Scottish National Dictionary (1700–)
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First published 1974 (SND Vol. IX). Includes material from the 2005 supplement.
This entry has not been updated but may contain minor corrections and revisions.
STOIT, v., n.1, adv. Also stoite, stoyt(e), stite, styte, steit, steyt; also stout (Fif.). [stɔit, stəit; Fif. Stʌut]
I. v. 1. intr. To bounce, to rebound (Bnff. 1866 Gregor D. Bnff. 186; Inv. 1904 E.D.D.; Mry. 1928). Also tr. to cause to bounce or rebound (Gregor). More commonly as Stot, v.2ne.Sc. 1836 J. Grant Tales 65:
Something bang't oot wi' sic a vengeance as gart her stoit back for a yard or twa.
2. To stagger, stumble from drink or weakness, blunder about, walk in a dazed, uncertain manner (Sc. 1808 Jam.; Bnff. 1866 Gregor D. Bnff. 186; Uls. 1880 Patterson Gl.; Rxb. 1942 Zai; ne.Sc., em.Sc., Lnk., Ayr., s.Sc., Uls. 1971).Sc. 1719 in Ramsay Poems (S.T.S.) l. 124:
Wi' Writing I'm sae bleirt and doited, That when I raise, in Troth I stoited.Abd. 1739 Caled. Mag. (1788) 500:
Stout Steen gart mony a fallow stoit, and flang them down like faill.Ayr. 1787 Burns To Miss Ferrier iii.:
Last day my mind was in a bog, Down George's Street I stoited.Kcb. 1789 D. Davidson Seasons 181:
'Mang Winter's snaws, turn'd almost doited, I swagger'd forth, but near han' stoited.Peb. 1805 J. Nicol Poems II. 61:
An auld, beld carle, Just stoitin to the ither warl.Sc. 1818 Scott H. Midlothian xxx.:
I wish ye had seen him stoiting about wi' a kmd o' dot-and-go-one sort o' motion.Slk. 1818 Hogg B. of Bodsbeck vii.:
If ye war to stite aff that, ye wad gang to the boddam o the linn wi' a flaip.Uls. 1844 R. Huddleston Poems 85:
I'm stoitin' through like onnie stoge.Kcd. 1849 W. Jamie Gleanings 25:
'Tis fifty simmers, a' but ane, Sin' first I man'd to stoit my lane.Fif. 1873 J. Wood Ceres Races 58:
Wha stouts upon a wooden leg.Lnk. 1895 W. Stewart Lilts 87:
My muse, dear Will's, a glaikit jaud, She stoytes alang like tinker's yaud.
3. (1) To walk with a short sharp step (Bnff. 1866 Gregor D. Bnff. 186), to move with agility (wm.Sc. 1825 Jam.).Sc. 1823 Lockhart Reg. Dalton III. 212:
A wheen tutors and laddies gaun stoiting about wi' gowns and square trenchers?
(2) tr. To set down (the feet) firmly, to plant (the feet).Abd. 1882 T. Mair John o'Arnha's Latter-Day Exploits 40:
And stoitin's feet frae lip to lip He held it plumb, and leukit up.
4. To walk in a casual, easy way, to stroll, saunter (ne.Sc., Ags. 1971).Mry. 1865 W. Tester Poems 130:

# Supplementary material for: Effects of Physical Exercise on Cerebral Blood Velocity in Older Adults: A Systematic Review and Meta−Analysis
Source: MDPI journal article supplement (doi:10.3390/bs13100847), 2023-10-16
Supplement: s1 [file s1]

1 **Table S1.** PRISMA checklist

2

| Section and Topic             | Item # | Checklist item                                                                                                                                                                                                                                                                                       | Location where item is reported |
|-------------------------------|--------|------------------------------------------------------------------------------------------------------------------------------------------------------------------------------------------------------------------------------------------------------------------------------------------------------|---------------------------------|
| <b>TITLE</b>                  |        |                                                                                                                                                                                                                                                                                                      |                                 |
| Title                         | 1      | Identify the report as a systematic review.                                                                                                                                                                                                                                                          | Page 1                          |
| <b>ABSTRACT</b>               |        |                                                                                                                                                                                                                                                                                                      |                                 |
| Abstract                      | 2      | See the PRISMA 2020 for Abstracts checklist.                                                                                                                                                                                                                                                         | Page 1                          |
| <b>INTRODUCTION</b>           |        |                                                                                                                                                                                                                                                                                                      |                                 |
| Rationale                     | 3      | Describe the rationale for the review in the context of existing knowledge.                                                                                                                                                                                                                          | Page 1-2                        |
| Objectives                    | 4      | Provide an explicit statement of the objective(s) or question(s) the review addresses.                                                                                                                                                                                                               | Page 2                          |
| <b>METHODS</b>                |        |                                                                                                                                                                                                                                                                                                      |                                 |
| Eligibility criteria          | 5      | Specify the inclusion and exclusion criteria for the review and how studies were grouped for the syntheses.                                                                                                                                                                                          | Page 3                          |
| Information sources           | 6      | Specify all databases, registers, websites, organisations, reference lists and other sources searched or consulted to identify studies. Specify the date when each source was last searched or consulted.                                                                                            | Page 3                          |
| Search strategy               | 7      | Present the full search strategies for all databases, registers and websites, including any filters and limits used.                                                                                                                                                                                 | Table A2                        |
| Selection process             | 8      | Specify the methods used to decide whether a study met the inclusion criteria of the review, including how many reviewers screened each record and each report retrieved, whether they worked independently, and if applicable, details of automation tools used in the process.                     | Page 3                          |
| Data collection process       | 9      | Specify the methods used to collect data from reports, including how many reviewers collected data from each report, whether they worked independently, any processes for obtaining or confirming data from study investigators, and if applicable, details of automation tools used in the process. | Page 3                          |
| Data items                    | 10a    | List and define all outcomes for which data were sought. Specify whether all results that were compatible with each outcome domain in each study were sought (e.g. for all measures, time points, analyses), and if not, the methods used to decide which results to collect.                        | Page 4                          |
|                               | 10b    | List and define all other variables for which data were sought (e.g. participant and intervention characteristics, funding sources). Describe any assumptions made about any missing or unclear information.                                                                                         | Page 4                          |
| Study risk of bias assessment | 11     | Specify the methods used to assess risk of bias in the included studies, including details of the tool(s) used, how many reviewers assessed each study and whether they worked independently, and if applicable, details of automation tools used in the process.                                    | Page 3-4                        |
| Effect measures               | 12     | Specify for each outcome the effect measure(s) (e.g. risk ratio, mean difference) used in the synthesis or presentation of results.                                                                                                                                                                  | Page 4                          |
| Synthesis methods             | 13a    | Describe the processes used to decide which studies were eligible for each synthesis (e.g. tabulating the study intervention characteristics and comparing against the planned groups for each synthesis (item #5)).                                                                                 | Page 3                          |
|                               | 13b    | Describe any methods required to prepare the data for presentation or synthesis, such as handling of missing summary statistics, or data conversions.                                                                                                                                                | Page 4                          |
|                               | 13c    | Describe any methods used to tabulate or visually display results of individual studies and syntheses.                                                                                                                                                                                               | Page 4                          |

I stytit doon the ither nicht To speir for Jean an' Janet.Abd. 1880 W. Robbie Yonderton 126:
He “stoitet” out and in to the byres and stable, examining every cow, ox and horse separately.
II. n. 1. (1) A bounce, spring, rebound, as of a ball (‡Rxb. 1923 Watson W.-B.); a quick, springing motion in walking, a tripping gait (Sc. 1825 Jam.; Bnff. 1866 Gregor D. Bnff. 186).
(2) A buffet, blow (Rxb. 1923 Watson W.-B.; Dmf., Rxb. 1971).
(3) Fig.: the regular sequence of motions in using a tool, the rhythm of working, the proper way of doing a thing. See Stot.Sc. 1825 Jam.:
To lose or tyne the stoit, to lose the proper line of conduct.Cld. 1880 Jam.:
Ye hae na got the stoit o't yet.
(4) a casual stroll, an amble, an easy walk (ne.Sc. 1971).Abd. 1923 R. L. Cassie Heid or Hert iv.:
A wis gyaun tae tak' a styte roon the parks tae see gin the nowt be a' richt.
2. A lurch, stagger, a tottering step (Bnff. 1866 Gregor D. Bnff. 186; Cld. 1880 Jam.; I., ne.Sc., Ags. 1971). Phr. to play stoit, to stagger, stumble.Rxb. 1808 A. Scott Poems 164:
Fegs, wi' mony a stoit an stevel, She [a mare] rais'd a trot.Lnk. 1853 W. Watson Poems 68:
If ye gie a bit stoit when yer toddlin' hame.Lnk. 1881 D. Thomson Musings 118:
He play'd stoit frae side tae side.
3. A stupid, ungainly, blundering person, a blockhead (Cld. 1880 Jam.; Abd. 1971). Also in Eng. dial.Ayr. 1833 J. Kennedy G. Chalmers 80:
Aff rows my cup aff the saucer . . . “Auld stoit!” whispers Mrs. Braidfit.s.Sc. 1837 Wilson's Tales of the Borders III. 326:
They wad be fonder than I am o' cock birds wha wad gie tippence for the stite o' a howlet.Ayr. 1896 G. Umber Ayr. Idylls 155:
A [sermon] read . . . by a styte wi' the paper close to his nose.Abd. 1915 Rymour Club Misc. II. 177:
He's jist a stupid styte.
4. Foolish talk, nonsense, stupid rubbish (Mry. 1811 W. Leslie Agric. Mry. 467, styte; Abd., Kcb. 1825 Jam.; Ork., Cai., ne.Sc. 1971). Also as an exclam.Abd. 1813 D. Anderson Poems 77:
Keepin' constant chattin' Up glaekit styte atween the loons.Abd. 1824 G. Smith Douglas 14:
I haenna' time for that bumbaisin' styte.Abd. 1871 W. Alexander Johnny Gibb xxxvii.:
Stoit, mither: fat needs ye aye gae on that gate?Abd. 1877 G. MacDonald M. of Lossie xv.:
What put sic buff an' styte i' yer heid?Kcd. 1933 Scots Mag. (Feb.) 332.:
Tales of the land that were just plain stite.Bnff. 1939 J. M. Caie Hills and Sea 48:
Some fowks say the Classics are stite.Abd. 1995 Sheena Blackhall Lament for the Raj 11:
They birled their lugs an they flashed their een
An gibbered a wheen o styte
An Davie said they war frienly-kind
Bit Mary thocht them gyte. ne.Sc. 2003 Press and Journal 15 Dec 12:
Tak Roy Lyall's sister, Edna, a grand player o the kirk organ as fowk at Skene Kirk ken weel. Edna come up wi the expression "buff an stite" which wis new tae me, bit it jist means tae spik a heap o dirt. Abd. 2005:
E MP spak a hale lot o bluff, styte an nonsense.
III. adv. With a bump, in a bouncing manner (ne.Sc., Ags., Dmf. 1971).Ags. 1894 J. B. Salmond My Man Sandy (1899) 108:
Sandy's fit slippit aff the edge o' the sofa, an' he cam' stoit doon.
Stoit v., n.1, adv.
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